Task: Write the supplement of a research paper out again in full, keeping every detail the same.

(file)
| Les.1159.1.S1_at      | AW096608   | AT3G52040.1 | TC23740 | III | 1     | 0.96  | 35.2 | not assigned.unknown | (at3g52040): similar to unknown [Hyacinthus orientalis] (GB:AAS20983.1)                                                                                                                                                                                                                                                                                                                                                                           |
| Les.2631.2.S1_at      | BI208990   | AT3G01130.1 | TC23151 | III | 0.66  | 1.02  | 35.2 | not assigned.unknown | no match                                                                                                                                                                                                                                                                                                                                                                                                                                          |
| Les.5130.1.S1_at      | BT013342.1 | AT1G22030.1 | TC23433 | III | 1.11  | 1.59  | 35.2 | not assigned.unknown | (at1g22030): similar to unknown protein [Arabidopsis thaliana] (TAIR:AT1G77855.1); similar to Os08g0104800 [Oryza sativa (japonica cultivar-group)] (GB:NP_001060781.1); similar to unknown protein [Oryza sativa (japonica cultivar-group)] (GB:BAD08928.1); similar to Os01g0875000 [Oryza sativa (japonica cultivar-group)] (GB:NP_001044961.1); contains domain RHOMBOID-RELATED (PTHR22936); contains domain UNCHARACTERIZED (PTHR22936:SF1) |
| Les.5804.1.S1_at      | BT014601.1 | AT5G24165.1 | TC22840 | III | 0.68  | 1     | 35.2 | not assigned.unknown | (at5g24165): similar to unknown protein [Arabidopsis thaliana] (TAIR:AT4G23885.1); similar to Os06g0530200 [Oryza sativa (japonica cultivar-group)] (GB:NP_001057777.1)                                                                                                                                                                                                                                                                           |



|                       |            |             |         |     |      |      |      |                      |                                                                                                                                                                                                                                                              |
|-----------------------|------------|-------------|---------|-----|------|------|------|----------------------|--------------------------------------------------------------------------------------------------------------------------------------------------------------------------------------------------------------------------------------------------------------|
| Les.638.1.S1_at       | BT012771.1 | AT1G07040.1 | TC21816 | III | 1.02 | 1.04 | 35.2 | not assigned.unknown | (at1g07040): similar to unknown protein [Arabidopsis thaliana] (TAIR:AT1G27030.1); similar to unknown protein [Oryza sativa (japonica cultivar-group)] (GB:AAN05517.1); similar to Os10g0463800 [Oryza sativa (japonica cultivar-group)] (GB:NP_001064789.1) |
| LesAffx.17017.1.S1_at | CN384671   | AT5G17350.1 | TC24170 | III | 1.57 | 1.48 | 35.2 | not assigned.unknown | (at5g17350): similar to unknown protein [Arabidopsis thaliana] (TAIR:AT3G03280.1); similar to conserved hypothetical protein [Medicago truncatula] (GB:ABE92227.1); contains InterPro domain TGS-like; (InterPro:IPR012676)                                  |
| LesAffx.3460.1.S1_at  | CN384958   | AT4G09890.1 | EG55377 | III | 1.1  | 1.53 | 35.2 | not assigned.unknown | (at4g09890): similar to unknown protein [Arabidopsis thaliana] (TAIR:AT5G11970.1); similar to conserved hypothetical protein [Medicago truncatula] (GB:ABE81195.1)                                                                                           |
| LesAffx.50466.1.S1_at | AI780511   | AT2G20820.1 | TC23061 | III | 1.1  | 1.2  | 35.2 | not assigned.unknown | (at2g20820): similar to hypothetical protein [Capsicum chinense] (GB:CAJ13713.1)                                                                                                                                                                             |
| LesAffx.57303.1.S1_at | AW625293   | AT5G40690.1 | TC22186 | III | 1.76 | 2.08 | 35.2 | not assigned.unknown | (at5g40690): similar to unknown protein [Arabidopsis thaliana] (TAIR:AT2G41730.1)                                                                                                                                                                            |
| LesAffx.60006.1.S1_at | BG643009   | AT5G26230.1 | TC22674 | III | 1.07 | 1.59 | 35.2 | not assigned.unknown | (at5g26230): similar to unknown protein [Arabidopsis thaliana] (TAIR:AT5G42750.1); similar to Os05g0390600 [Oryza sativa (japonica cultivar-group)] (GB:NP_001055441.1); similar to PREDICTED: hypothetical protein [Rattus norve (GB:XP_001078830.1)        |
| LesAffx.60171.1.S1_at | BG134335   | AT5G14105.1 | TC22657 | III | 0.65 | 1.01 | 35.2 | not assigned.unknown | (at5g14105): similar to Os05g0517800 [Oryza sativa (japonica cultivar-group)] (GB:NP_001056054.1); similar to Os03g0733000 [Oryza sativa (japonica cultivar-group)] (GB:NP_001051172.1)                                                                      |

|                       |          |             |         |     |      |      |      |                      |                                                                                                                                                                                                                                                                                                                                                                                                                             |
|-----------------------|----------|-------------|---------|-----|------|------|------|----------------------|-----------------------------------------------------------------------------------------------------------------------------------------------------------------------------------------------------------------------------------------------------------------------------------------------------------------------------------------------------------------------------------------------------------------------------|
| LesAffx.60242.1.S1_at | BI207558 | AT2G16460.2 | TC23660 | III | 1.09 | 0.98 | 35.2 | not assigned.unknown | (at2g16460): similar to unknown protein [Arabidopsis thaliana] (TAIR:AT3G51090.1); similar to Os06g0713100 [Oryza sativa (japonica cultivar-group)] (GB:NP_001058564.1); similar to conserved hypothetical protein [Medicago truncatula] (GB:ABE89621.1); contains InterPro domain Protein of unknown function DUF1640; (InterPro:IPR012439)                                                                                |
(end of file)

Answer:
| Les.1159.1.S1_at      | AW096608   | AT3G52040.1 | TC23740 | III | 1     | 0.96  | 35.2 | not assigned.unknown | (at3g52040): similar to unknown [Hyacinthus orientalis] (GB:AAS20983.1)                                                                                                                                                                                                                                                                                                                                                                           |
| Les.2631.2.S1_at      | BI208990   | AT3G01130.1 | TC23151 | III | 0.66  | 1.02  | 35.2 | not assigned.unknown | no match                                                                                                                                                                                                                                                                                                                                                                                                                                          |
| Les.5130.1.S1_at      | BT013342.1 | AT1G22030.1 | TC23433 | III | 1.11  | 1.59  | 35.2 | not assigned.unknown | (at1g22030): similar to unknown protein [Arabidopsis thaliana] (TAIR:AT1G77855.1); similar to Os08g0104800 [Oryza sativa (japonica cultivar-group)] (GB:NP_001060781.1); similar to unknown protein [Oryza sativa (japonica cultivar-group)] (GB:BAD08928.1); similar to Os01g0875000 [Oryza sativa (japonica cultivar-group)] (GB:NP_001044961.1); contains domain RHOMBOID-RELATED (PTHR22936); contains domain UNCHARACTERIZED (PTHR22936:SF1) |
| Les.5804.1.S1_at      | BT014601.1 | AT5G24165.1 | TC22840 | III | 0.68  | 1     | 35.2 | not assigned.unknown | (at5g24165): similar to unknown protein [Arabidopsis thaliana] (TAIR:AT4G23885.1); similar to Os06g0530200 [Oryza sativa (japonica cultivar-group)] (GB:NP_001057777.1)                                                                                                                                                                                                                                                                           |



|                       |            |             |         |     |      |      |      |                      |                                                                                                                                                                                                                                                              |
|-----------------------|------------|-------------|---------|-----|------|------|------|----------------------|--------------------------------------------------------------------------------------------------------------------------------------------------------------------------------------------------------------------------------------------------------------|
| Les.638.1.S1_at       | BT012771.1 | AT1G07040.1 | TC21816 | III | 1.02 | 1.04 | 35.2 | not assigned.unknown | (at1g07040): similar to unknown protein [Arabidopsis thaliana] (TAIR:AT1G27030.1); similar to unknown protein [Oryza sativa (japonica cultivar-group)] (GB:AAN05517.1); similar to Os10g0463800 [Oryza sativa (japonica cultivar-group)] (GB:NP_001064789.1) |
| LesAffx.17017.1.S1_at | CN384671   | AT5G17350.1 | TC24170 | III | 1.57 | 1.48 | 35.2 | not assigned.unknown | (at5g17350): similar to unknown protein [Arabidopsis thaliana] (TAIR:AT3G03280.1); similar to conserved hypothetical protein [Medicago truncatula] (GB:ABE92227.1); contains InterPro domain TGS-like; (InterPro:IPR012676)                                  |
| LesAffx.3460.1.S1_at  | CN384958   | AT4G09890.1 | EG55377 | III | 1.1  | 1.53 | 35.2 | not assigned.unknown | (at4g09890): similar to unknown protein [Arabidopsis thaliana] (TAIR:AT5G11970.1); similar to conserved hypothetical protein [Medicago truncatula] (GB:ABE81195.1)                                                                                           |
| LesAffx.50466.1.S1_at | AI780511   | AT2G20820.1 | TC23061 | III | 1.1  | 1.2  | 35.2 | not assigned.unknown | (at2g20820): similar to hypothetical protein [Capsicum chinense] (GB:CAJ13713.1)                                                                                                                                                                             |
| LesAffx.57303.1.S1_at | AW625293   | AT5G40690.1 | TC22186 | III | 1.76 | 2.08 | 35.2 | not assigned.unknown | (at5g40690): similar to unknown protein [Arabidopsis thaliana] (TAIR:AT2G41730.1)                                                                                                                                                                            |
| LesAffx.60006.1.S1_at | BG643009   | AT5G26230.1 | TC22674 | III | 1.07 | 1.59 | 35.2 | not assigned.unknown | (at5g26230): similar to unknown protein [Arabidopsis thaliana] (TAIR:AT5G42750.1); similar to Os05g0390600 [Oryza sativa (japonica cultivar-group)] (GB:NP_001055441.1); similar to PREDICTED: hypothetical protein [Rattus norve (GB:XP_001078830.1)        |
| LesAffx.60171.1.S1_at | BG134335   | AT5G14105.1 | TC22657 | III | 0.65 | 1.01 | 35.2 | not assigned.unknown | (at5g14105): similar to Os05g0517800 [Oryza sativa (japonica cultivar-group)] (GB:NP_001056054.1); similar to Os03g0733000 [Oryza sativa (japonica cultivar-group)] (GB:NP_001051172.1)                                                                      |

|                       |          |             |         |     |      |      |      |                      |                                                                                                                                                                                                                                                                                                                                                                                                                             |
|-----------------------|----------|-------------|---------|-----|------|------|------|----------------------|-----------------------------------------------------------------------------------------------------------------------------------------------------------------------------------------------------------------------------------------------------------------------------------------------------------------------------------------------------------------------------------------------------------------------------|
| LesAffx.60242.1.S1_at | BI207558 | AT2G16460.2 | TC23660 | III | 1.09 | 0.98 | 35.2 | not assigned.unknown | (at2g16460): similar to unknown protein [Arabidopsis thaliana] (TAIR:AT3G51090.1); similar to Os06g0713100 [Oryza sativa (japonica cultivar-group)] (GB:NP_001058564.1); similar to conserved hypothetical protein [Medicago truncatula] (GB:ABE89621.1); contains InterPro domain Protein of unknown function DUF1640; (InterPro:IPR012439)                                                                                |